Most technical folks can recognize a developmestuction environment when they encounter one. The less fortunate among us have had one inflicted upon us. However, the one thing they all seem to have in common is that people simply make changes directly in production. I’ve encountered a place that takes the concept to a Whole New Level O’ WTF™.

The company is a huge international conglomerate with regional offices on 5 continents, spread fairly evenly around the globe. The team for this particular project has several folks (developers, testers, QA, UAT and prod support) in each of the locations. Each region is mostly a self-contained installation of servers, databases and end users, but just to make it interesting, some of the data and messaging is shared across regions. Each region runs the normal business hours in its own time zone. As such, at any given time, one region is always doing intra-day processing, one is always in night time quiet-mode, and the other three are in various stages of ramp up, ramp down, or light traffic.

A 'crazy quilt'- a quilt in a random and chaotic pattern

The application is a monstrously large suite of Java applications. Since each region has its own Java support contract, different regions run the same code base on different versions of Java. Accordingly, the automated build process builds the entire tree in each of several different versions of Java. This brings up all sorts of region-specific problems when there’s an issue with a particular release of a JVM. Reproducing them back at development-central inevitably fails because we’re only allowed to install the version of the JVM for which we have a support contract.

For those who aren’t familiar with it, the default Java class loader traverses a path, looking for individually specified files, or jar files that it can search for a given class. It will take the first instance of a class that it finds. This means that if there are two or more different versions of a class on the path, only the first one will ever get loaded, yielding the Java version of dll-Hell.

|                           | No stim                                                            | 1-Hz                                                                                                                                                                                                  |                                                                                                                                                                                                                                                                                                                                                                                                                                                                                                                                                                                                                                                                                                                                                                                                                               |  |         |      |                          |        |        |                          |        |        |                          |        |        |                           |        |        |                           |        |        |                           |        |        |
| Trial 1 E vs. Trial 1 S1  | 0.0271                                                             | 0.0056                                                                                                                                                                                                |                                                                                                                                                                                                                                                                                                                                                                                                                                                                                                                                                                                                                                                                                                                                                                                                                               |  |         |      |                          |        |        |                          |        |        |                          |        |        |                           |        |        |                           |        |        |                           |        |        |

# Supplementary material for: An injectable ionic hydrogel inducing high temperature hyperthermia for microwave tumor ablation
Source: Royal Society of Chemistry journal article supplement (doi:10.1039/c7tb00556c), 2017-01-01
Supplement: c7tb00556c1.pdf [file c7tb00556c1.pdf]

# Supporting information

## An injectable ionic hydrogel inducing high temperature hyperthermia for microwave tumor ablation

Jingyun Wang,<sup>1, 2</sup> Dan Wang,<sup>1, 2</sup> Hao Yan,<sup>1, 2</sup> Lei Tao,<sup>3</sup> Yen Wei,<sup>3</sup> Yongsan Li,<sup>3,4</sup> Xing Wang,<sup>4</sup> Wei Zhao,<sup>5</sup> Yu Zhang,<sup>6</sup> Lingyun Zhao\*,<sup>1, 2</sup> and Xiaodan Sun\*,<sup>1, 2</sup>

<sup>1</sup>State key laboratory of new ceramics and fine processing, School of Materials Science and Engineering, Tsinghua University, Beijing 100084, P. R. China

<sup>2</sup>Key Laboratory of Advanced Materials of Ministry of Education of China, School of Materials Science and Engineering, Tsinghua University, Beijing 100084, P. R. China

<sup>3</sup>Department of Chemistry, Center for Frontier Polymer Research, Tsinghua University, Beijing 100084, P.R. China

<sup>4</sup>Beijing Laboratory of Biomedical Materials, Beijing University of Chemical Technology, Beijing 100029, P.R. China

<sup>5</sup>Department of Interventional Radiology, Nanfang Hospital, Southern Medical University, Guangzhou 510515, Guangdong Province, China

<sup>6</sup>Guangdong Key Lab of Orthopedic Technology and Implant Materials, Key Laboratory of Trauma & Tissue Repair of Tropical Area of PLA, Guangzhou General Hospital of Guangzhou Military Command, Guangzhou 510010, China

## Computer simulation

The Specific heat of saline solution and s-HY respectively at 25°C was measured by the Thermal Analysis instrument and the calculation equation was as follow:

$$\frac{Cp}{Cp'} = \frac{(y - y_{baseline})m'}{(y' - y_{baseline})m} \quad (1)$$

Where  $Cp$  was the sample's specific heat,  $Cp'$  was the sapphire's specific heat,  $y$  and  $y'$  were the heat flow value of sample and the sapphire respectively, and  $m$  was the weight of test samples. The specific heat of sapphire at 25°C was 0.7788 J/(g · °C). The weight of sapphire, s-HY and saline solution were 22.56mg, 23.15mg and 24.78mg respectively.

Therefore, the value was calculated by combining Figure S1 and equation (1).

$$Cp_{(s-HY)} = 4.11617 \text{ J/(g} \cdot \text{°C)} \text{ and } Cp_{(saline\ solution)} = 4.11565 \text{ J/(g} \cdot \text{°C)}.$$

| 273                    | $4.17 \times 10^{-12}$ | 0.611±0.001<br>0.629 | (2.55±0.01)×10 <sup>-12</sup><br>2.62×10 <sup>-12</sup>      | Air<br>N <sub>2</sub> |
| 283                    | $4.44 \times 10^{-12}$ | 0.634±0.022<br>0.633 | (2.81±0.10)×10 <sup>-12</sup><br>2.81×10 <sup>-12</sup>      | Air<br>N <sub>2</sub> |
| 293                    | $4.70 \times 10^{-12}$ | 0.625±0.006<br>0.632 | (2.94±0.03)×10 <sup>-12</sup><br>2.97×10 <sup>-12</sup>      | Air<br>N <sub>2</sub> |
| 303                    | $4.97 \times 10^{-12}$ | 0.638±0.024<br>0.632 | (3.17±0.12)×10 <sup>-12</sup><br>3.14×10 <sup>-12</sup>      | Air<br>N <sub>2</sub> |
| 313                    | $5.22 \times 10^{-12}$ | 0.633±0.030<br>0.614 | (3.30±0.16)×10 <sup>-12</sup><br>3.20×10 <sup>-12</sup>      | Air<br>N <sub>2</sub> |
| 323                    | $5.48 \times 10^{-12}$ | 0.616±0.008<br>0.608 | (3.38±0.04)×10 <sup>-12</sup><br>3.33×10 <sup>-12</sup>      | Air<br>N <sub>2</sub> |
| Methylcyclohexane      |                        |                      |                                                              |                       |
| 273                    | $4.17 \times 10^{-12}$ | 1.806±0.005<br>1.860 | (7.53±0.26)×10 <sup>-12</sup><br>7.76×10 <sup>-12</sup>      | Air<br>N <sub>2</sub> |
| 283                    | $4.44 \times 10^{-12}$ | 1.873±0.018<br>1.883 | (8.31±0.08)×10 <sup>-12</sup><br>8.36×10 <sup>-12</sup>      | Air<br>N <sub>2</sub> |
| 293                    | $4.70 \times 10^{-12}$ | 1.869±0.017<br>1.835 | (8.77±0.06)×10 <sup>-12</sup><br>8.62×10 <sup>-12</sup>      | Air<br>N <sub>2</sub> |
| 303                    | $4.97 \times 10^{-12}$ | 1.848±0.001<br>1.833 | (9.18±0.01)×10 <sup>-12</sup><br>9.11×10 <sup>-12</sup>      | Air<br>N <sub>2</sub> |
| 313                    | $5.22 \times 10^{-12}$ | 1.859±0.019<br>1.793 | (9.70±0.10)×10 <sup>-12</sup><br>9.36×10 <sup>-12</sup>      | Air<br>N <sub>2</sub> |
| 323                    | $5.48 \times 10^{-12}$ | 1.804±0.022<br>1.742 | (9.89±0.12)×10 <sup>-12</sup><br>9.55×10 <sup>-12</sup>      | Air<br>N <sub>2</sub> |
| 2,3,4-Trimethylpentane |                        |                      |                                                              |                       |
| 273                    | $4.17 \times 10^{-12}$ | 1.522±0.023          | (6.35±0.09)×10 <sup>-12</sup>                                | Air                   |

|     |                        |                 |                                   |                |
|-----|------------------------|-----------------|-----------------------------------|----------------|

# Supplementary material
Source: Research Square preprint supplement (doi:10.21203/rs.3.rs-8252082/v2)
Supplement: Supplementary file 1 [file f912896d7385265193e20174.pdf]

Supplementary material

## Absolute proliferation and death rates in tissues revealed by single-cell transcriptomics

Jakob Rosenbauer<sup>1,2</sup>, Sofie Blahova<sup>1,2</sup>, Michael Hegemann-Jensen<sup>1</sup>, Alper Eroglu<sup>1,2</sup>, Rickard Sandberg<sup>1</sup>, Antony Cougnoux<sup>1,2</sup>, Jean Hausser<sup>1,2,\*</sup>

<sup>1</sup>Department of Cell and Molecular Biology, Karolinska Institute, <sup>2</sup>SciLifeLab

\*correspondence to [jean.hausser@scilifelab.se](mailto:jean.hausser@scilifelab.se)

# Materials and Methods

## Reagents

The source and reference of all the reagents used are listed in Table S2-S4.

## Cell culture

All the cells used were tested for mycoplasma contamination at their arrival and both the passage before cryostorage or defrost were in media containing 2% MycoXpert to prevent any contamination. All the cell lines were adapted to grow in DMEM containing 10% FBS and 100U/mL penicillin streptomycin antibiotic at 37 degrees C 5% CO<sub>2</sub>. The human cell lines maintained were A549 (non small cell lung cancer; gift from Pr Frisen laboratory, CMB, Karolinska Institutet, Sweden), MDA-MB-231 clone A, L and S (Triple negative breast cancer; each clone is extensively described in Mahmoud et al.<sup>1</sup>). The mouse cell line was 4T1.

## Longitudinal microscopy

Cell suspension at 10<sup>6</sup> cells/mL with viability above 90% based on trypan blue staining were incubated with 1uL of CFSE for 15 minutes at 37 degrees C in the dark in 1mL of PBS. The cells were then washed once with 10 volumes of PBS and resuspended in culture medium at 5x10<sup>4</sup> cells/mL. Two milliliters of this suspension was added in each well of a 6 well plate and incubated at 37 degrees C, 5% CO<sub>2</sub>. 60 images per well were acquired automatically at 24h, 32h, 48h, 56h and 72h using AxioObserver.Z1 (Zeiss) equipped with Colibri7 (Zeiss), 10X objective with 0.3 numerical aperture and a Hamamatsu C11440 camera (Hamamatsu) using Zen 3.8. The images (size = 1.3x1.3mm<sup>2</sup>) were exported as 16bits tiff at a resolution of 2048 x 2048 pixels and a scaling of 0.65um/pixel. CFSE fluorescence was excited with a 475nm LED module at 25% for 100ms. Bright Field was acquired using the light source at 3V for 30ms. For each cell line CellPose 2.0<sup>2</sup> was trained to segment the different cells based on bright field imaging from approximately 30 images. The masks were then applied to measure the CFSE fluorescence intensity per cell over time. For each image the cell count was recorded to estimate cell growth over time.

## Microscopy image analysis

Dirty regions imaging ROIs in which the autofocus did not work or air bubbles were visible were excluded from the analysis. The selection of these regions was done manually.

Someone got the idea that to save money, we could abuse leverage the way the Java class loader works, and only have one set of machines in each region to provide dev, integration, QA, UAT and production environments. The basic premise is that you could introduce short-term-use classes earlier in the class path to ‘patch’ (override) classes that were already there.

The class path search hierarchy was in this order:

    $Project/p-dev     individual developer class patches for testing
    $Project/p-int     team class patches for integration testing
    $Project/p-qa      QA class patches for interim testing between releases to QA
    $Project/p-uat     user acceptance patches between releases to UAT
    $Project/p-prod    patches to prod code between formal releases
    $Project/jars      formal releases

A patch consists of one or more class and/or configuration files (perhaps hundreds) that collectively fix/change/add/delete functionality. The rules for patching were as follows:

  1. compile your class changes on your PC
  2. grab all the ‘patch’ files into a dedicated directory tree that mimics the class hierarchy
  3. install your patch tree only on a region currently in night-mode
  4. announce the (potentially large list of) classes you’re patching to all other locations